Monday, November 25, 2002

Have a look at Andrew Sullivan's Bradley Lecture on the political thought of Michael Oakeshott. A nice analysis of the ways in which Oakeshottian skepticism sits oddly with a variety fo ways of understanding conservatism.

A poltical theory dissertation ripe for the writing, it seems to me, concerns the turn to skepticism in the mid-twentieth-century liberals. The connections between Oakeshott and Hayek, and between Hayek and Popper, are fairly well-known. But Popper's skepticism has some fascinating echoes in Isaiah Berlin's; indeed, Berlin like Popper threw skeptical water onto claims of historical determinism. Shklar and Oakeshott each had Montaigne as a major point of reference. Shklar and Hayek shared Montesquieu in a similar way. (Note that, excpet for Oakeshott, each of these came from one of the European lands that spent the middle part of the century under totalitarian rule-- Berlin and Shklar from Lithuania/ Russia, Hayek and Popper from Austria.)

Now, Berlin didn't much like Hayek, and Shklar seems to have really disliked him. Berlin and Shklar were on the social-democratic side of Cold War liberalism, not on Hayek's and Oakeshott's free-market side. (Popper is a complicated case on that question.) But in all sorts of ways it seems to me that these thinkers shared insights that are more interesting than are the political questions that divided them. Yet-- except for the peculiar case of John Gray-- very few students of Hayek have also been students of Berlin. Those who know their Oakeshott don't often also know their Shklar. I have a suspicion that the study of each of these thinkers could be much enriched by the study of the others, and skepticism as part of the defense of freedom would be a major unifying theme.

Not, mind you, that the skeptical defense of freedom is clearly right. I'm inclined to think that skepticism leads us down John Gray's relativist and nihilist pathways pretty quickly. Skepticism, to be an ally of liberalism, must be something more like a temperment than like a comphrehensive theory of knowledge. Of the five philosophers, Oakeshott's skepticism ran deepest; and I can never shake the sense that Oakeshott is a philosopher of and for England only, for a country in which freedom feels organic and evolved and in little need of deliberate promotion. Each of the other four struggled with the question of how to reconcile skepticism with reform, with deliberate planned political and social change-- since one could hardly look at the world of 1935 or 1945 or 1955 and think that freedom was to be had by just leaving things alone. And I'm not sure that any of the four was fully successful in reconciling a skeptical account of the limits of knowledge and certainty and rational planning with the spirit of radical reform that liberalism required in the face of totalitatianism. Indeed-- but now I'm starting to sound like the book that I'm writing-- I think that that tension is a terribly difficult one to overcome at all points in liberalism's history. There's something importantly true in both of those liberal impulses-- the skeptical and the reformist-- but those truths sit exceedingly uneasily with each other.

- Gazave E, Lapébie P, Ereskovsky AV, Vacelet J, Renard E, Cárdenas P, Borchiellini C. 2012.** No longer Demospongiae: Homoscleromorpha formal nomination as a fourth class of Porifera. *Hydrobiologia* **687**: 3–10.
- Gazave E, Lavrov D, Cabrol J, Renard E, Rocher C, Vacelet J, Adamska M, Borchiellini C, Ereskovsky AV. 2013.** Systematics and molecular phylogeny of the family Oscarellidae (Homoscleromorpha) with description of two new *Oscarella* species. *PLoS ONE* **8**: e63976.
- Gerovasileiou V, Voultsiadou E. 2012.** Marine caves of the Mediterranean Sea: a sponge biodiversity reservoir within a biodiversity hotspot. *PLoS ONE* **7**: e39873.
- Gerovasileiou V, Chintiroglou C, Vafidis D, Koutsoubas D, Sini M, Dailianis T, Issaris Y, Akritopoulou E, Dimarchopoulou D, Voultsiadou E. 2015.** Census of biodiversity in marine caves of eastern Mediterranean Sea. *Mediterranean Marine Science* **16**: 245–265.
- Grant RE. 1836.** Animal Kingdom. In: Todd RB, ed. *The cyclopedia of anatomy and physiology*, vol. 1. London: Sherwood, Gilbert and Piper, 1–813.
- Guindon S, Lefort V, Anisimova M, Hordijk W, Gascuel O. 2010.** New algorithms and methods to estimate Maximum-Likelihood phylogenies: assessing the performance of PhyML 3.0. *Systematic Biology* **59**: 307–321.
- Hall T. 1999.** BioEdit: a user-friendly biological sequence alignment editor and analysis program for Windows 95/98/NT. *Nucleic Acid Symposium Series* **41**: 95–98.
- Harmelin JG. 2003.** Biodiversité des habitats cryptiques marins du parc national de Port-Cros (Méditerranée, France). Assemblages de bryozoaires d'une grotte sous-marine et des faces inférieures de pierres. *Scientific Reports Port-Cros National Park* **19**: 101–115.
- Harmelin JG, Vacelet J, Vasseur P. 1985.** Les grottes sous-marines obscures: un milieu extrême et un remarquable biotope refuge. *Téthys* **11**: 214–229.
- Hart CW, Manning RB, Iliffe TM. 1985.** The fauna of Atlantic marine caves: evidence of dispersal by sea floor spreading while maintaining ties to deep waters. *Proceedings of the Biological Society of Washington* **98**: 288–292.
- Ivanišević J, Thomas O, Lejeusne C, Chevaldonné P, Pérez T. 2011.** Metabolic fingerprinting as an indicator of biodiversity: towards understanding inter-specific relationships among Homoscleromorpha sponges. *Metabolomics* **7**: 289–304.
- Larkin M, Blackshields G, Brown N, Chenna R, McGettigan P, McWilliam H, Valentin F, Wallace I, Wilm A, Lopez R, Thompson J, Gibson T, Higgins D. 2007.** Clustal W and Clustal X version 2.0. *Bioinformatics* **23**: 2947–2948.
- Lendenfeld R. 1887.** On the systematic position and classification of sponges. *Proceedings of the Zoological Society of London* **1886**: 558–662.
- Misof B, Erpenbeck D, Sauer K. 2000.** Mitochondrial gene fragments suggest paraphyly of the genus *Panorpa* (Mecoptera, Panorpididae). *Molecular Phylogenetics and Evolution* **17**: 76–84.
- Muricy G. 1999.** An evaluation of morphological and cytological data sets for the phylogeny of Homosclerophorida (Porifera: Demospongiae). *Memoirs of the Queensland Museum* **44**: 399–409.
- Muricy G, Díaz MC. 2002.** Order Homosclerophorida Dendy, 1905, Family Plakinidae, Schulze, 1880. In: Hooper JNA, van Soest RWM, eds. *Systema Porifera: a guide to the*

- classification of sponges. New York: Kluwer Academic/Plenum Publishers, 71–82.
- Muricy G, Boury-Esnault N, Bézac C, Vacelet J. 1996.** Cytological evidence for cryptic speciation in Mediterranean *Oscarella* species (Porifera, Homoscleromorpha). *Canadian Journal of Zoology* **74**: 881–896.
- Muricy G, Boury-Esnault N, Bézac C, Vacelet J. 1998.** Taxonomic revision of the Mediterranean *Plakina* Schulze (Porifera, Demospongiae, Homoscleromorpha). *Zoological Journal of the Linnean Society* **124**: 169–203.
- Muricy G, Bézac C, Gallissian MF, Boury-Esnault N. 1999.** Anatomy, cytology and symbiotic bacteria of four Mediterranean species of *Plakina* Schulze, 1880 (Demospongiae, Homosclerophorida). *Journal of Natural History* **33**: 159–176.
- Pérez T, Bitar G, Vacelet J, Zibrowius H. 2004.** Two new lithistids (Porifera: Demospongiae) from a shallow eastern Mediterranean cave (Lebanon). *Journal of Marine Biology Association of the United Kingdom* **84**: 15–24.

But the heart of my book is in 1740-1850, not in 1930-1960; that work is for someone else to do...

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